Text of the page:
Your jelly bags can also look like new, after you’ve used them. When drained, remove the fruit and put it in the compost bin. Rinse the fruit residue from the cloth with cold water. Put the in a saucepan, cover it with cold water and a good dash of washing powder. Bring the saucepan slowly to the boil. Turn off when boiling point is reached and when cold rinse out well. Magically all stains will have disappeared!
  • Jam “set” or “setting point”:
    Getting the right set can be tricky. I have tried using a jam thermometer but find it easier to use the following method. Before you start to make the jam, put a couple of plates in the fridge so that the warm jam can be drizzled onto a cold plate (when we make jam we often forget to return the plate to the fridge between tests, using two plates means that you have a spare cold plate). Return the plate to the fridge to cool for approx two minutes. It has set when you run your finger through it and leave a crinkly track mark. If after two minutes the cooled jam is too liquid, continue to boil the jam, testing it every few minutes until you have the right set. The jam is far more delicious if it is slightly runny.
  • Sterilising the jars:
    We collect jars all year round for our jelly, chutney and jam making sessions. I try to soak off labels and store the clean jars and metal plastic coated screw-top lids in an accessible place. The sterilising method that we used is simple. Just before making the jam, I quickly wash and rinse the jars and place them upside down in a cold oven. Set the temperature to 160c/140c for fan assisted. When the oven has reached the right temperature I turn off the heat. The jars will stay warm for quite a while. I only use plastic lined lids for preserves as the all-metal lids can go rusty. I boil these for five minutes in water to sterilise them. If I use Le Parfait jars, I do the same with the rubber rings.

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82 Comments

  1. Over the weekend I gathered blackberries, elderberries and about ten crab apples. I used the above recipe adding some powdered ginger too. It tastes delicious! Rainbow Cottages in France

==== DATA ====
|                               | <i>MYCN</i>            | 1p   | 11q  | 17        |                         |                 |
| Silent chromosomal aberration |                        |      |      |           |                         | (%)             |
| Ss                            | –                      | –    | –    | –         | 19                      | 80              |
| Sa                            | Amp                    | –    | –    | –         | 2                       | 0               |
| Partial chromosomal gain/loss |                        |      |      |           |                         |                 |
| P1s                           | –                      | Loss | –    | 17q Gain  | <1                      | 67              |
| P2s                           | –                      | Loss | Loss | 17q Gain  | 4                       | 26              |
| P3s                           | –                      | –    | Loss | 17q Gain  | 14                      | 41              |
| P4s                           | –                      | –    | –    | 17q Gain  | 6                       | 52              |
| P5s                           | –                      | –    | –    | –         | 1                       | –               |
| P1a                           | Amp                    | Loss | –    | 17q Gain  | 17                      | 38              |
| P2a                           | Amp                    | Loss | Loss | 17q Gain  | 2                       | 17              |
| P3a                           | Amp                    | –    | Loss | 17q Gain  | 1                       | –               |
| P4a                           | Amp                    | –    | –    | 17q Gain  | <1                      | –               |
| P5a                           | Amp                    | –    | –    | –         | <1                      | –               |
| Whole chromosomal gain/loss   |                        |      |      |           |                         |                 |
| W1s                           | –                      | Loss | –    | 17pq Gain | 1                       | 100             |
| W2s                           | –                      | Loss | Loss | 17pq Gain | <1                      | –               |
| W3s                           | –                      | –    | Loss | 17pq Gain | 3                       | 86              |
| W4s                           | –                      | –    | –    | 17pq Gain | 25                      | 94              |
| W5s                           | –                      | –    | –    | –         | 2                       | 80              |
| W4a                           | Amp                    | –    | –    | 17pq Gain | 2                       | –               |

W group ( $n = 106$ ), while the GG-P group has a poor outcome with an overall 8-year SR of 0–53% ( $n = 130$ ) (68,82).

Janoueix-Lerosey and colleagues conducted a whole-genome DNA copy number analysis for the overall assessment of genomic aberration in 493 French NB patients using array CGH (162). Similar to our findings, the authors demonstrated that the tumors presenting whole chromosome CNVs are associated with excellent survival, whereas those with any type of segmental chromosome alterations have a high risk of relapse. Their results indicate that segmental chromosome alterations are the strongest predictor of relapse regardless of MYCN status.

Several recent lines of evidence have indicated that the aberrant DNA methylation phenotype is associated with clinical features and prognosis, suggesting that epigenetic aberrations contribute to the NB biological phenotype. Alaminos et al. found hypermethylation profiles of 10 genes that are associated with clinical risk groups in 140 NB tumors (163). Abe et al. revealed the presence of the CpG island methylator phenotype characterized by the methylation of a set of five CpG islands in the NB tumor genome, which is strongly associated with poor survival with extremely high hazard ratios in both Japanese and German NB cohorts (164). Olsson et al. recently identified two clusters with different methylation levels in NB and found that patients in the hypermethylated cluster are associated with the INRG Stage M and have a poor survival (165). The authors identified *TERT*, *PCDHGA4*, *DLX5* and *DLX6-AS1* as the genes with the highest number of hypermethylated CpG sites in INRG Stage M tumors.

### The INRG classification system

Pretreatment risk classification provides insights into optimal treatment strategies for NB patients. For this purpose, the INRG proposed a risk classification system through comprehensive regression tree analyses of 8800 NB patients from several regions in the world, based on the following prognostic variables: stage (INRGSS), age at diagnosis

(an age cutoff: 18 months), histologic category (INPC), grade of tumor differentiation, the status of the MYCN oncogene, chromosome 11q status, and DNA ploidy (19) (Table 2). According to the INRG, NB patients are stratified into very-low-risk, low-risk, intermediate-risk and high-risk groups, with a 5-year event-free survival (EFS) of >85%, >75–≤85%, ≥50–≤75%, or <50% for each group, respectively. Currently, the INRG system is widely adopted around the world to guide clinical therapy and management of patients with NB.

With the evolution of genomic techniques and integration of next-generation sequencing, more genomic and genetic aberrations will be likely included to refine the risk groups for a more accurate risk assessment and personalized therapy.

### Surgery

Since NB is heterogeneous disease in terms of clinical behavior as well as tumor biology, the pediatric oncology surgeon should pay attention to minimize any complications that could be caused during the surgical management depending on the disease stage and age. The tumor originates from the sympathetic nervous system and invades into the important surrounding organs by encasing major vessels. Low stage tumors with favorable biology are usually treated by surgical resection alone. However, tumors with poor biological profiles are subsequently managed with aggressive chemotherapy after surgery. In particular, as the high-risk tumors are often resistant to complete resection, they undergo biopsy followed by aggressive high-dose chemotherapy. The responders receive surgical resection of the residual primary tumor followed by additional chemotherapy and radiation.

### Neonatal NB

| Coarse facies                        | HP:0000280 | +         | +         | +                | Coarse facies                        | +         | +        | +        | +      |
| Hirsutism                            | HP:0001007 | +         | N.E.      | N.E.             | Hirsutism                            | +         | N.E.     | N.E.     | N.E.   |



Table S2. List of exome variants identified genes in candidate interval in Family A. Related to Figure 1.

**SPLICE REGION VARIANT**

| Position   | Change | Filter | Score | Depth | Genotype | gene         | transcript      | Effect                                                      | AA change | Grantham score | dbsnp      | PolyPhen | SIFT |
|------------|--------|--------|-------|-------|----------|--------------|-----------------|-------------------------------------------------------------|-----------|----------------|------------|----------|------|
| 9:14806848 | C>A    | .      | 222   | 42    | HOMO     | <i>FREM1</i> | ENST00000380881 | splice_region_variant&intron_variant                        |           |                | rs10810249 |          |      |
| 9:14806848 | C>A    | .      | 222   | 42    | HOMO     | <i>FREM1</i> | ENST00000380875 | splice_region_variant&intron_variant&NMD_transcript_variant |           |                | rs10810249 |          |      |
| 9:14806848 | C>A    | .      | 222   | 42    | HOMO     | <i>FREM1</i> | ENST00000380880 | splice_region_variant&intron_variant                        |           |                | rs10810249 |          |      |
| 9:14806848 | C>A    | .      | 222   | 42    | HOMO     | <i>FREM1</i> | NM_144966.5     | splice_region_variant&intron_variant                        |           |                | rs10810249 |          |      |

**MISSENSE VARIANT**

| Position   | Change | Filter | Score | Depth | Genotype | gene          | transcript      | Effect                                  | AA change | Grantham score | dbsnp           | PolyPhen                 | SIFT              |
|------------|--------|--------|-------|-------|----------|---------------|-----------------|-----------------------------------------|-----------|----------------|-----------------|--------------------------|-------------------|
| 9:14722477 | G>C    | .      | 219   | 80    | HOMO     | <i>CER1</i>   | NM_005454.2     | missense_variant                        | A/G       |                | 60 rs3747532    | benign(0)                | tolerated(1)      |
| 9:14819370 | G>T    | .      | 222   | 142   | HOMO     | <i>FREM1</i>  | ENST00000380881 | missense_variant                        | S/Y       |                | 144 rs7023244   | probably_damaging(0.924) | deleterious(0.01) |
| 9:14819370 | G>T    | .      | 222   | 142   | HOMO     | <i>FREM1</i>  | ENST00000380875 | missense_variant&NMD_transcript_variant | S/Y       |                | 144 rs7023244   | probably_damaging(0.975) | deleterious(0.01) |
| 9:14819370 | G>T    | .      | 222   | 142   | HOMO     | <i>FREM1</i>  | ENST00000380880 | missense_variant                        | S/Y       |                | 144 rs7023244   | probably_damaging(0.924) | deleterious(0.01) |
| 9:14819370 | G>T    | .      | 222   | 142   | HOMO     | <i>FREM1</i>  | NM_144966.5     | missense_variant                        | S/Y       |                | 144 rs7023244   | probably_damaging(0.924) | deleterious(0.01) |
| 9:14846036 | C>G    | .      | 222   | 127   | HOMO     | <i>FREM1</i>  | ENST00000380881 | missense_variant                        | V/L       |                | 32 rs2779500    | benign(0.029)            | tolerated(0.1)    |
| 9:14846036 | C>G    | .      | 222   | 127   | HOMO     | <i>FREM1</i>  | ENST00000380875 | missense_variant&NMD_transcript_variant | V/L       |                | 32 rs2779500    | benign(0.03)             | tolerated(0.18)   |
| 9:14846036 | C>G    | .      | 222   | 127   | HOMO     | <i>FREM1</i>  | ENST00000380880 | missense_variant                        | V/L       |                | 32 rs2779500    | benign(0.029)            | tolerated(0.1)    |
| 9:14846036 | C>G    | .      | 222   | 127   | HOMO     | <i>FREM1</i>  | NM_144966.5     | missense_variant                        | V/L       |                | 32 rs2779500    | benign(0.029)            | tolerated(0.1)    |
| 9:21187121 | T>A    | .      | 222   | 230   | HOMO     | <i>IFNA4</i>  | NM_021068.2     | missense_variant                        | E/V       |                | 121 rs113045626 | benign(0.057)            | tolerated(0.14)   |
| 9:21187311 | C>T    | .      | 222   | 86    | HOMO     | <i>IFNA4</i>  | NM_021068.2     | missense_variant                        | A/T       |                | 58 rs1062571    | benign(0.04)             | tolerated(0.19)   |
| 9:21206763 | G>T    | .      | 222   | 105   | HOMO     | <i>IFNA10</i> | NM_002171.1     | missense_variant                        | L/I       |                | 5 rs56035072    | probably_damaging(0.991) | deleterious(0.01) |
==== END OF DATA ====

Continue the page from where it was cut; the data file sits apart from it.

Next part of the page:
2. Jacqui Simons

    Was so glad to have found this recipe, which I followed to the letter apart from one new addition which was a small half teaspoonful of powdered cloves. I had only recently tried this variation by a lady of Greek origin and felt it added a warmth and depth to the jelly and was quite the best jelly I had ever tasted. Please let me know how you get on if you should try this. I felt it was too good to keep to myself!

  3. Andrea doyle

    Just got to tell you how delicious the blackberry and apple jelly is … My husbands mum used to make this … It’s become so special and is a Tribute to his mum … Thanks for sharing this with us xxx

  4. Elizabeth

    Hi Fiona,

    I was just wondering, do you think I could make Elderberry and apple jelly, using Elderberries as an alternative to blackberries in this recipe?

  5. Muriel Fuller

    Decided I would just check the recipes for apple and bramble jelly. Opened yours and thought there must be a lot of Cheveleys in England and probably not the one near Moulton!! I lived in Moulton for 12 years and my parents for 45. I live in Little Downham Nr Ely now. Glad your recipe was as I thought mine should be. Many thanks, off to make the jam. Will read your website later.
    Kindest regards, Muriel

  6. Sorry if you have answered this question above but is there a recipe for the blackberry and apple cheese that you can make with the left over apple and blackberries after draining off the juice, it seems such a waste to just through them away! have just made nearly 4 jars of the jelly and it tastes wonderful, I didn’t remove the scum with butter as that stops it being vegan but was able to easily scrap it off just before jarring up, thanks for such a wonderful site!

  7. thanks for your help re ‘help my kilner jars’ i did sterise my jars the oven way, but did reopen them to wipe the lids, am i safe or should i do as you you say reheat the jam and re- sterise the jars? thanks

  8. tottielimejuice

    Just found your web site. Off down the lane for some blackberrys and apples . Will post my results soon Thank you

  9. HELP I have potted my blackerry jam in 1lb kilner jars, the lids have all steamed up, is it safe to reopen the jars and wipe steam away then re-seal the jars?

    • Fiona Nevile

      Hi Jules

      Did you heat/sterilse the jars? If you did you don’t need to worry there wil be a build up of steam.

      If you didn’t. You need to sterilise the jars properly, reheat the jam very gently and repot. It won’t taste quite as good but you will be safe from nasty killer growths.

  10. Dee Mann

    Hi, Would it be possible to freeze the juice and then make up when I have two or three batches?

    • Fiona Nevile

      Hi Dee Mann

      Yes freezing the juice/fruit for later would be fine.